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THE DEATH GRAPPLE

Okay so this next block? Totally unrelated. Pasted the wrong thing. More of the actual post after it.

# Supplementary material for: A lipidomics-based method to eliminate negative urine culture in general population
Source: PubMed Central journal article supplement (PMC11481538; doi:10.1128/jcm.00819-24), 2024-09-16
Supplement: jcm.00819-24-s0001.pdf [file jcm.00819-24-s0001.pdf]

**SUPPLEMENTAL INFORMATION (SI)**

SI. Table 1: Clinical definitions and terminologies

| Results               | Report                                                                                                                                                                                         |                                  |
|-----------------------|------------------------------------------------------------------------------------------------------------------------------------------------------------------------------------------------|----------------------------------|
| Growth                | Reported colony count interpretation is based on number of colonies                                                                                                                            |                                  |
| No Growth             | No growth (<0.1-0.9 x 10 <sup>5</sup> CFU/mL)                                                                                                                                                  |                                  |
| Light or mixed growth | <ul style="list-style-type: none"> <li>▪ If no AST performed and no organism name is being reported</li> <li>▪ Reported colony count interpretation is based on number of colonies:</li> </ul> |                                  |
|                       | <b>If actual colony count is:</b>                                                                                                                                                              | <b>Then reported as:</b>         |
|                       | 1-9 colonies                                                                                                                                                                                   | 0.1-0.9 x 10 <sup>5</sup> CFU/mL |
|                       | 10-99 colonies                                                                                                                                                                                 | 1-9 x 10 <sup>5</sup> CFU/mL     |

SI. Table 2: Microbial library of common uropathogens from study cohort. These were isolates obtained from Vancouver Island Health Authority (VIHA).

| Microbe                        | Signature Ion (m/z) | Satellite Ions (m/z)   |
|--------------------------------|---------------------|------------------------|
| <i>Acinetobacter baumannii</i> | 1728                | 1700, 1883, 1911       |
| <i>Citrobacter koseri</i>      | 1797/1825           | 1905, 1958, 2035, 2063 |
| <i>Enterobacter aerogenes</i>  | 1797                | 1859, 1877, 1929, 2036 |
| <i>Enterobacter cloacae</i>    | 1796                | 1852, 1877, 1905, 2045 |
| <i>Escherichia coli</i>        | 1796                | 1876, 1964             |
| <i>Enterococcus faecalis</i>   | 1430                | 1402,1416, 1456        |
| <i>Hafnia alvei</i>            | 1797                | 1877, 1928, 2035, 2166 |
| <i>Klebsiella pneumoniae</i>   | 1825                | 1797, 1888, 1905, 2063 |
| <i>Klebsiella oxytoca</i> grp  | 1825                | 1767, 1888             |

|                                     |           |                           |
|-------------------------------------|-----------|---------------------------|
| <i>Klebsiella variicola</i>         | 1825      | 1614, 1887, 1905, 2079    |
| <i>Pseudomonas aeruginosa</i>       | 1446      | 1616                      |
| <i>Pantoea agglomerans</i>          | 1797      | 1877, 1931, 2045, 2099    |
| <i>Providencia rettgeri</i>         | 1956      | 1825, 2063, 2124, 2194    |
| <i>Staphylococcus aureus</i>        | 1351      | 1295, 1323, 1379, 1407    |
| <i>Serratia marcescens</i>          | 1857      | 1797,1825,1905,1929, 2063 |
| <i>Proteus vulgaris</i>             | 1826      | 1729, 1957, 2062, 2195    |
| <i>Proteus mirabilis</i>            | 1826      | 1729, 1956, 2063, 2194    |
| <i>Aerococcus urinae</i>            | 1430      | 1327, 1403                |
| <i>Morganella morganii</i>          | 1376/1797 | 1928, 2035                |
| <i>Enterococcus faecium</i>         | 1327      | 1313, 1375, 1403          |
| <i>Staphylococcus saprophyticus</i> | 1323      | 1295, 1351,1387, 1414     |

IN NORTHERN FRANCE From Cincinnati Enquirer A recent visitor to the battle linos j in Southwest Bolgulm and Northern: France compares the situation along t that front of 375 miles to the death! grapple of Grant and Lee which | maintained for months along the: works and trenches outside of Peters ! With 120.000 Belgians fronting the Germans along the ten miles of trenches nearest to the British Chan- i nel, with an unknown number of the British guarding approximately the next 40 miles of the line, the soTdicrs of France, with the assistance of ft few scattered regiments of the Brit ish army, have upon them the heavy task of defending the other 325 miles of works which they hold to bar the; way of the Germans to the heart of, their country. The lines have been herd since Oc-i tober without the change of an aver age of five miles either in advance or retreat, but been held at the cost of i hundreds of thousands of lives and intense suffering by the more than 2.000,000 of combatants in both armies. The Belgians are virtually exiles, for their reserve camps are upon French soil, white they hold by -the, width of less than Ave miles a narrow fringe of their native land. Tho British soldiers display their usual bravery and enter the trenches with the expectation of death, fight ing their battle, however, upon for eign soil and all their thoughts con centrated upon the quiet homes across j the channel, and from these homes they are warding off the fury of war's desohition. It is France's sons to whom the; greater horrors come, with their ruined cities, towns, villages and ? farms on every side, with their coun trymen. women and children, by the millions, homeless or wtthln the ene my's lines; with their frightful lists of killed and wounded after ecch ' day's struggle to hold that long front ' of 325 miles, or to here and there en- 1 deavor to release the grip of their de termined and fierce antagonists by 1 desperate charges. It is France that is bleeding to ' death in this salughter of months. It : 13 France, with its comparatively ' small population and decreasing birth 1 rate, that is already feeling faint and 1 exhausted. It is France whose fields art dotted ' with graves, and whose homes are ( filled with the wounded, tho sick nut the dying. It la France whose hospitals now have more than <500.000 wounded ant sick patients, an Increase of 200,00< during the past nine weeks. It is France that is the greutesl sufferer among the allied nations, ant It is the people of Franco who real izo that to them has come the glorj of martyrdom, that the consciousness of duty nobly performed may remair and abide, but that victory at the coal already paid will come to an exhaust ed country and a distressed and mosi sorrowful people. COUNTRY EAS TURNED CORNER Evidenco seems to accumulate thai this country has turned tho corner General trade is still progressing cautiously, but it is progressing Jusl tho same, and every day sees more optimism expressed. ? It is a striking feature that whet tho drift is upward, news that would be an adverse factor in times of de pression and lack of confidence it practically ignored. This is well il lustrated by the fact that the secur ity market paid no attention to the sinking of the Maine vessel by the German crusier. Kjur IurcJ?U cuuiiuuiu; luaiuui tuc high figures and our foreign credit balance is being daily increased, There is a steady foreign demand foi our breadstufTs and cotton, atthough tho supply of the former Is steadily declining. The outlook in Mexico is rather better. It is considered very doubt ful if this situation becomes a ser ious proposition. People realize that we have really entered the spring period. Before long the country will be planting crips and the sap will be running up the trjes. This generally makes for x hopeful feeling. People would probably be sur prised if they knew of the quiet in vestment buying of securities that Pas been going on. This buying too Pas been of tho strongest and most courageous kind. There is no ques tion but that a great mass of people lave been watching Intently the for eign situation with tho idea of pur chasing the moment the outlook indi cated the coming of tho end of hos llities. This is a reserve power and ts Influence is bound to be felt later. Commission business has not as lumed a breadth that suggests any arge public participation. The vol ime of trading must increase great y before any menace to prices is per ceptible. Commission houses, as a rule, say hat tho credit balances of their spec ilative clientele are so large that the >uvin-: power is vastly larger than Is cenerally the case. ? (Boston News 3ureau, March 12.) Manolin. guitar and banjo lessons. Vltce M. Jordison. studio, 5 and G, Gar >ido Building. 3-4-tf. hod pre "lazy husb. billnh duced In tho House of Representative ' today a bill to punish wifo-dosertlon I and to provldo support bonds. Heavy > penalties nro prescribed by tho bill", which reads as follows: t Section 1. Any person who shall, ' without lawful excuse, desert or will ? fully neglect or refuse to provide for ' the support or nmlntonanco of his 1 >vlfe, who Is lu destitute or necessi I tous circumstances, or any porson : who shall, without lawful oxcuso, do ? sort or willfully nogfoct or refuse to : provide for the support and mainte nance of his or hor minor children un dor the age of sixteen years who are In destitute or necessitous circum stances, shall, on conviction thereof, ' be punished by a lino of not more than flvo hundred dollars, or by im i prisonmcnt In tho penitentiary at hard . labor for not more than three years, ; i or lu the jail. In tho division wherein tjsaid sentence is imposed, for not more ? than twelve months, or by both such flue and imprisonment; and should a i fine be. imposed it may be directed by II the court to be paid whole or in part ? to the wife or to the guardian of tho , minor children, provided, that before - the trail, with the consent of tho dc . fendant, or after conviction, Instead of j > Imposing the punishment horoinbo ? fore provided, or In addition thereto, ? tho court in its discretion, having re ; gard to tho circumstances and to the financial ability or earning capacity of , the defendant, shall" have tho power to ? make an order, which shall bo subject i j to change by it from time to time as ? circumstances may require, directing the defendant to pay a certain sum ? weekly during such time as the court may direct, to tho wife or to tho guar dian or custodian of the minor child or children or to an individual' ap proved by tho court as trustee, and to release the defendant from custody or probation during such time as tho court may direct upon his or her en tering into recognizance, with or with out sureties, in such sum as the court may direct. The condition of the rec ognizance shall be such that if the defendant shall make his or her per sonal appearanco in court whenever ordered to do so and shall further com ply with the terms of the order and of any subsequent modification there 'of, then the recognizance shall be i void. Sec. 2. If the court be satisfied by information or complaint and due proof, under oath, that at any time tho defendant violated the terms of such order, it may forthwith pro ceed with the trial of the defendant under the original indictment or in formation, or sentence him under the original conviction, or onforco the or iginal sentence as the case may be. In case of a forfeiture of a recogniz ance and enforcement thereof by exe cution, the suni recovered may, in the discretion of the Court be paid in whole or in part to the wife or to the guardian or custodian of tho minor child or children. Sec. 3. No other evidence shall be required to prove marriage of such husband and wife, or that such per son is the lawful father or mother of such child or children, than is or shall bo required to prove such facts in a civil case. In-all prosecutions under this act any existing provisions of law prohibiting the disclosure of con fldential communications between husband and wife shall not apply, and both husband and wifo shall bo com petent -witnesses to testify for or against each other to any and all rel evant matter, Including the fact of such marriage and the parentage of such child or children. Proof of the desertion of such wife, child or chil dren In destitute or necessitous cir cumstances of neglect to furnish such wife, child or children necessary and proper food, clothing or shelter is prima facie evidence that such de sertion or neglect is willful. NEW BARBER SHOP. A part of the fr^>nt of the B. & B. blllard parlors Is being fitted up as a | barber shop and will be occupied by B. F. Hawks who at present has a place of business across the street. ! The new shop will have two chairs. INSURANCE NOTES. C. L. Brown, the "Mutual Life Man. has been appointed Agent of tko Mary- ' Tand Casualty Co., in their accident 1 and disability lines for this territory. Mr. Brown reports optimistically on . the local field of life underwriting. W. R. NICHOLS HERE. \V. R. Nichols, president of the Pa- j cific Coast Gypsum company, arrived , on the Dolphin and will visit tho works of his company at Gypsum , ? .. , ; AT THE COURT HOUSE. ^ *> Tho case or J. H. Cobb vs the At i HHkJttiOastineau Mining company, a ! Mult to collect attorney's fees In a case which was settled out of court, Is being tried before a Jury today. The case of tho U. S. vs Wottrick is sot for April 20th. Suit was filed yesterday by J. H. Handle ngainot Mr. and Mrs. Wm. Hydo for tho sum of $104.40, and the gasoline boat "Ripple" attached. J. H. Randle yesterday libelled tho gas boat "Rolfe" and her gear, be longing to Olaf "FJelde. Tho sum in controversy is $142.05. A marriage certificate was Issued by tho commissioner's office this morn ing to James Green and Jennie James, natives of Kluckwnn, who wore mar rlod March 20th by tho Rev. Davk Waggoner of the Presbytorian church. CHISANA MURDER VICTIM BURIED AT PUYALLUP Tho funeral- of Louis Schonborn, tho Chisana merchant, who was mys teriously murdered in that camp on December 26th. was held in Puyallup, Wash., to which place his remains had been shipped on Thursday, March 4th. Mr. Schonhom was a prominent member of the Masonic order, which had charge of tho funeral. He was also an Oddfellow. Ho Is survived by a sister, Mrs. Jarus Clement, of South Hill, Puyallup, and by a ncphow Clifford Schonhom, connocted with the Pupallup Mercantlne Company. ALASKAN WRITES OF CENTRAL AMERICA In n letter to a Juneau friend, Joe Wyllie, employed last year by the Alaska-Gastineau Mining Company, gives his Impressions of Spanish Honduras, from which he recently re turned, to San Francisco. Says ho: "Spanish Honduras iBn't a very good place for an Alaskan, for as old as it Is I believe tho coun try has a future, but it at present is throttled by the United Fruit Com pany?our trust?which has conces sions from the Honduras govornmont -In return for a railroad to Tegucigal pa, tho capital. There was a time limit specified, however, and the fruit company is bulldiug roads into all the valleys adjacent to their ports. It is tho openly expressed opinion ev erywhere that tho capital road is a bit of a Joke. "These things, and tho experience of the people In LaCeiba, which was j burned down about ten months ago.; are one of the reasons why American i trado suffers in those countries. Ca Ceibo is the principal city on the; East coast. The wharf and shipping facilities are owned by Vaccarro I' brothers, who operate' half a dozen \ steamers and are the only competi- j * tors of the U. F. Co. The people of Cclba decided to rebuild in modern j! style after the fire and Vcccnrro got j' the contract for erecting tho concrete 1 buildings. The customs house was ! about completed and a dance was to be held in it on a Saturday night, but! on Thursday the building collapsed, killing one of the contractors and two 1 laborers. (Sand of good quality wub ' plentiful, but cement cost monoy.) 1 "Down here it is summer alt ?the ' timo and I guess that Is the reason ' I got sick. But I was so long in Al aska that perhaps tho air here, hasn't agreed with me. At any rate, some thing was wrong . "As to mining, any person with L whom one talks on tho subject, seoms to be sure that the country is rich ( but when you corner them and ask them to 3how you their prospects or v their mines, they fail to produce tho N information. "About twenty miles inland from 1 Limon. a Carlb village, on the Mosqui- 1 to Const, 1 found two cents on rim 1 rock, the best 1 could get. I couldn't get to creek bed-rock owing to high :: water. I am satisfied that a little 1 money could be made on the bars of 1 the creeks during the dry season. 0 "I found tho Cnribs very interest- 1 Ing. Some of them arc spotted pie- 1 bald. There wore about 500 In tho ' village, which, with its sandy beach 1 and fringe of cocoanut trees,, might '' have been in Africa. Tho Mnnncca r huts, half-clad natives, monkeys and c parrots disport themselves in the a bright sunshine and it was sure some c contrast to tho gray skies and sober " winter scones of the North." WylHo had to return to San Fran cisco because of illness. Ho contract- :1 ad what he called "Chagros" fever. DIFFERENCE OF J NEW STAMPEDE p The last grand stampede to begin h In Alaska but how different it prom- ^ ises to be from the stampede in the b good old days! P Today we see womon and children P coming North. Tho primary schools 8 it Sowar<T increase their pupils at r ;he rate of about twenty-fivo per cent. P per month. Today the "stampeders" come with trunks and household fur- ll lishings and go to hotels until they h can select a permanent res'dence. In v the old times tho trunks were a roll pf blankets and the hotels woro moth- S cr earth with the blue vault of heaven n is a roof. Instead of raising windows a :o let In fresh air the old timers con- s structed wind breakers to keep It :i cut The bloated capitalist of the present day who hires a truck to ^ bring back his bags to tho hotel had a his prototype sixteen or sevonteon fears ago in tho high placed pluto crat who had tho price of hiring a cayuce. Instead of ordering fruit, mush and ham and eggs over, as we lo nowadays, there was a timo when breakfast depended on keeping the [at bacon from exploding in the pan and the canned beef coffepot from capsizing. When the next stampoders come o Seward In their thousands they will tep out of a fine steamer, get some ne to pack their grips to their rooms, ;o out and have dinner ovor a snow rtilte table cloth and then go to a novlng picture show or play pool ntll they drop botwoen sheets and urn out the electric light and sleep ntll morytng brings the table cloth a view again. In tho "dear dead days eyond recall" stampedors packed heir own "grips" with the aid of a air of overalls, had dinner while they at and shivered around an open fire, inssed the evening cutting fogs and ooklng beans and then had for roc eatlon. If they were lucky, a smoke, efore rolling In to windward of the ilazo and on top of cantankerous Klondike feathers. Then came the lornlng and the waiting to see If the ther fellow would go out In tho snow o light the fire and go down to the reok for water or thaw enough of ho beautiful to make the coffee and rash tho tips of their noses. They ;ere certainly delightful times and Icasant, but the electric light, the lblccloths, the sheets, the soap, and he -rest are not such a bad substl ate. There aro many people who still com to think that the building of ao Alaska government railroad means o more than the building of some f tho other railroads In tho Terrl iry In the past. It Is hard to get icm to realize that this is a new ind which one of the greatest Na ons on earth has decided to open to umanlty. Tho mere building of the tilroad Itself is only, so to sneak, the uttlng of a trail to what Is beyond nd around. Tho very opening of the jal mines means tlie ruturc empioj tent of thousands of men but that In self alouo is as nothing to the rowds that will be attracted. Hu inn beings are llko pigeons and n rent many other sorts of birds?they ?nvet in flocks. They attract the ther. Take an undeveloped land and is harder to get the first thousand eople Into it than it is to get a undred thousand people afterwards. I he opening of the mines and the uilding of the railroad will reveal! osVbilltics which we cannot now [ erceivo without comparing Alaska's :ory with the history of every Tor Itory under the sun. There is no lace in the world .today whose popu ition Is not increasing no matter ow ancient that place might be and ow much over populated. Hero is a Irgin Territory whore men can have undreds of acres where they couldn't qj, one outside?whore there are ilnerals and coar resources, and fish ad game, and where any man can jpport himself without tho crowd ad gain affluence with it. Today laska has a bettor outlook than tho tato of "Washington had a generation ;o.fl?(Soward Gateway.) MINING APPLICATION No. 01762. UNITED STATES LAND OFFICE, Juneau. Alaska, March 10, 1915, Notice I Notice Is hereby given that the A1 i aska Gastineau Mining Company, n ! corporation organized and existing un dor tho laws of the State of Now York i and qualified to do, and doing bus! noss as a corporation, at Juneau. A} aska, has made application for paten! for the York, Almn and Avon lode mining claims, Survey No. 954, sit uated at the Eastern end of Silver Bow Basin, about three miles East of the Town of Juneau, Alaska, in the Harris Mining District, Juneau Pre icinct, at approximately Latltudo 58? 19' North, and Longitude 134" 21' ? West, and particularly described as follows, to*wlt: York Lode Beginning at Corner No. 1. whence i U. S. L. M. No. 2 bears S. 88' 36' W. 12090.58 feet distant; thence N. 24? 30' ? E. 553.63 feet to corner No. 2; thence ,'S. 55? 10' E. 1061.51 feet to comer iNo. 3; thence S. 24? 30' W. 565.92 feet to corner No. 4; thence N. 54" 33' W. 1063.57 feet to comer No. 1, the place of beginning. Containing j an area of 13.419 acres. Mag. Var. i at corner No. 1, 31? 45' E. Mima luuc Beginning at corner No. 1 on line J 3-5 of the York Lode of this survey, I whence U. S. L. M. No. 2 bears N. 134* 57' 56" W. 3102.13 feet; thence N. 24* 30' E. COO feet to corner No. 2; thonce S. 59* 3D' E. 1500 feet to corner No. 3; thence S. 24* 30' W. COO foet to corner No. 4; thence N. 39* 39' W. 1499.49 feet to corner No. 1. the place of beginning. Containing an area of 20.550 acres. Magnetic Va riation at Corner No. 1. 31" 40' East Avon Lode Beginning at Corner No. 1, identical with Corner No. 2, of the. Alma Lode of this survey, whence U. S. L. M> No. 2. beare S. 85* IS' 57" W. 3350.08 feet distant; thonce N. 24* 30' E. 600 feet to Corner No. 2; thence S. 59" 39' E. 1499.92 fee. to Corner No. 3; thence 3. 24* 30' %V. 600 feet to Cor ner 4; thence N. 59* 39' W. 1500 feet to Comer No. 1, the place of begin ning. Containing an area of 20.553 acres. Mag. Var. at Corner No. 1, 31* 47' E. The names of the adjoining claims are the AJnx Mlllslte, patented, Sur vey No. 241, and the Perseverance Placer mining claim, patented, Survey No. 605, both bolqnging to the Alaska Gastineau Mining Company. The York rode mining claim con flicts with the Martin patented lode mining claim, Survey No. 754 which belongs to the claimant, and such con flict is hereby excluded: the said con flict is described as follows: Beginning at Corner No. -I of the York lode, thence N. 39* 30' W. 1016.05 feet to Corner No. 4 of the Martin Tode (Survey No. 754): thcnco S. 50* 30' W. 273.20 feet to a point on line 1-4 of the York lode; thence along lino 1-4 of tho York lode S. 54? 33' E. 1052.14 . feet to Corner No. 4 of tho York lode, the place of beginning: Con taining an area of 3.186 acres. Tho Alma lode mining claim of this survey conflicts with tho Snowfiake lode mining claim, survey No. 931, but said conflict Is not excluded from this application, and is do scribed as tol I lows: I Beginning nt Corner No. 4 of the Alma lode, thenco along line 4-1 of ; the Alma lode N. 59* 39' W. 563.37 (bet to n point on line 1-2 of the Snow flake lode, thence along line 1-2 of the Snowllako lode N. 42? 03' E. 177.46 | feet to Corner No. 2 of the Showflakc ' lodo, thenco along lino 2-3 of tho Snow flake lode S. 54? 10' E. 522.08 foot to j a point on lino 3-1 of tho Alma lode, j thence along line 3-4 of the Alma lodo S. 24? 30' TV. 124.53 foot to tho place of beginning. Containing an area of 1.865 acres. The Alma lodo mining claim of this survey also conflicts with the Robert lode mining claim, Survoy No. 977. but said conflict Is not excluded from this application, and is described as fol lows: Beginning et a point on line 3-4 of the Alma lode distant S. 24" 30' TV. 127.97 feet from Corner No. 3 of the Alma lode; thence along line 3-4 of the Alma lode S. 24? 30' TV. 345.26 feet to a point on line 14 of the Rob ert lode; thence along lino 4-1 of tho Robert lodo N. 54? 02' 17" W. 108.63 feet to Corner No. 1 of the Robert lode; thenco along line 1-2 of tho Rob ert lode N. 42? 48' E. 301.80 foot to . tho place of boginning. Containing an area of 0.420 acres. Tho location notices of tho York, Alma and Avon lode claims, were re corded respectively on August 3rd, 1912 and October 25tb, 1905 in books 20 of Lodes at page 313, and 18 of Lodes at plages 162 and 161 respec tively, of the records of tho Recorder for the Juneau Recording Precinct. Alnska. This notice was posted on the ground on the 24th day of February, 1915. ALASKA GASTINEAU MINING COMPANY By B. L. Thnno,, Its agent and attorney in fact. UNITED STATES LAND OFFICE Juneau, Alaska, Mnrch 10, 1915. It is horeby ordered that the fore ?going notice of application for mining patent bo published Jn the Alnska Daily Empire for tbo full period of i sixty days. C. B. WALKER, Register, i First publication March 12, 1915. Last publication May 12, 1915. * > 1 J UP-TO-DATE HAIRDRESSING SERVICE FOR LADIES. j d I,1 The W.E.B., located in the new : ? i postofEce block, will be open Wed- j! 1 j sesdays from 10 a. m. to 5 p. m. t beginning thl9 week, March 3, for : ladles and children only. This ar- t rangement is to Insure privacy as a hairdresslng parlor. Hairdressing 1 j 1 manicuring and massaging strict- | j ly up-to-date in all particulars. The i work will be done by Mrs. Leaf J green and myself, personally. W. E. BATHE. j J ? ? ???If !SOLD ON 5S YEARS RECORD STYLES. SIZES AHO PRICES TO SUIT All ALASKA MEAT COMPANY Joim R?*. Mgr. j Wholesale and Retail Butchers Manufacturers of all Kinds of Sausages Our Hams and Bacon Are j Home-Smoked THE m WHO IS BIB ENOUGH to profit by experience gets on the smoothest. By buying a "cheap" stove ? or range you make a mistake. H By buying a Charter Oak, you fj do not make a mistake, you H save fuel, trouble and money j'i in the end. I Profit by the experience of those who have used Charter Oak || Stoves and Ranges. _ a For Sale bv THE JUNEAU FURNITURE COMPANY " Tfw> Hone Furnishers" Cor. 3rd and Seward Sta. | pi A WK AND PIANO PLAYERS | o iL jj.il-i EJison Diamond Disc Phonographs, ^ jjj COLUMBIA TALKING MACHINES. VICTOR YICTROLAS I <> 15,000 Record* for AH Machlncf. Sheet Music, Small Musical Instruments o j[ JUNEAU MUSIC HOUSE |j Elmer E. Smith, Prop. THREE STORES. J. P. L. Gravtus, Mgrr. <1 Rexall Drag Store, Douglas. Front Street Drug Store, Douglas ? -v.**?? -L&Liki T' ? '_jc, T:'zr: Elorslieim Shoes ONION SETS Are scarce; we have them. Order Now. Groceries best: ??? for ? ? 7 Gents' Furnishing Goods Clothing, Oats and Shoes Trunks, Suit Gases, Hano Bags ?GO TO ?? H. J. RAYMOND S CO. Stetson Hats 11 SEED POTATOES We have a few on hand now. S ' Order Early. ; i : Eain Goats I \ v. h.-h i i-i-t i t i i m h m i -i-i-i-.i-i:r-i -i m i nil f W IHllll'l M 1 1 lll-WW Rtt I 1 HM"1 HI Ml I 1 1 1 1 II 1 1 1 I M I I II I M' 1 1 1 1 f I II 1'! I III M I I^j f Hanan Shoes ? [ Stetson Hats ::]] | The Last Word in j | Boys' Clothes is | I "W I o il W E i A R" SOUVENIR CUFF BUTTONS ^ PENCIL POCKET N ALL WOOL 4 2 I PAIRS OFI KNICKERS \ UNENE UNCO./ KNICKERO wodnnMJR fATCf.T OL'CKLE , v_ CLUB BUTTON LEATHER WATCH FOB - ?SILK I HANDKERCHIEF ^ 3 PIECE BELT \ \ IVORY BUTTONS ? PANTS HANGER \ Six"CELT LOOPS A\CLOTH FACED \\ POCKETS "The Suit" II The | National ijij TWO :::: Pant Suit I IT SERVES A DOUBLE PURPOSE I t: ?: :::: For wear and tear?an extra pair :?? This handsome all wool boys' suit with TWO PAIR OF :::: full lined knickers in many styles at? $8.50 and UPWARDS ? he Home of Benjamin Clothes | B. M. Behrends Company, Inc. ? ? ? 1"i ?! 1.11 i'm i i i i i ! h m ! h-i-h-h-h-h 1ii ;1 i 1i i} 11 } } i } } ) i } } i i'm i m-i* j You Gen Enjoy Lire Eat what you want and cot ba troubled with indigestion if you will take a 1$<* ?y?p?psia before and after each meal. Sold only by us?25c a box. Wm. Britt, Juntau. Elmer E. Smith, DcuqIjw. MRS. N. M. EBY PUBLIC STENOGRAPHER ROOM 923 OOLOSTKIN 0LOCK !? ? Dainty womankind is delighted with . the eluslvely sweet odor of? "BOUQUET JEANICE" Perfume, Toilet Water Sachet, Face Powder, Soap and Talcum. ,i . For sale only at? The Reliable Rexall Store. i ? ?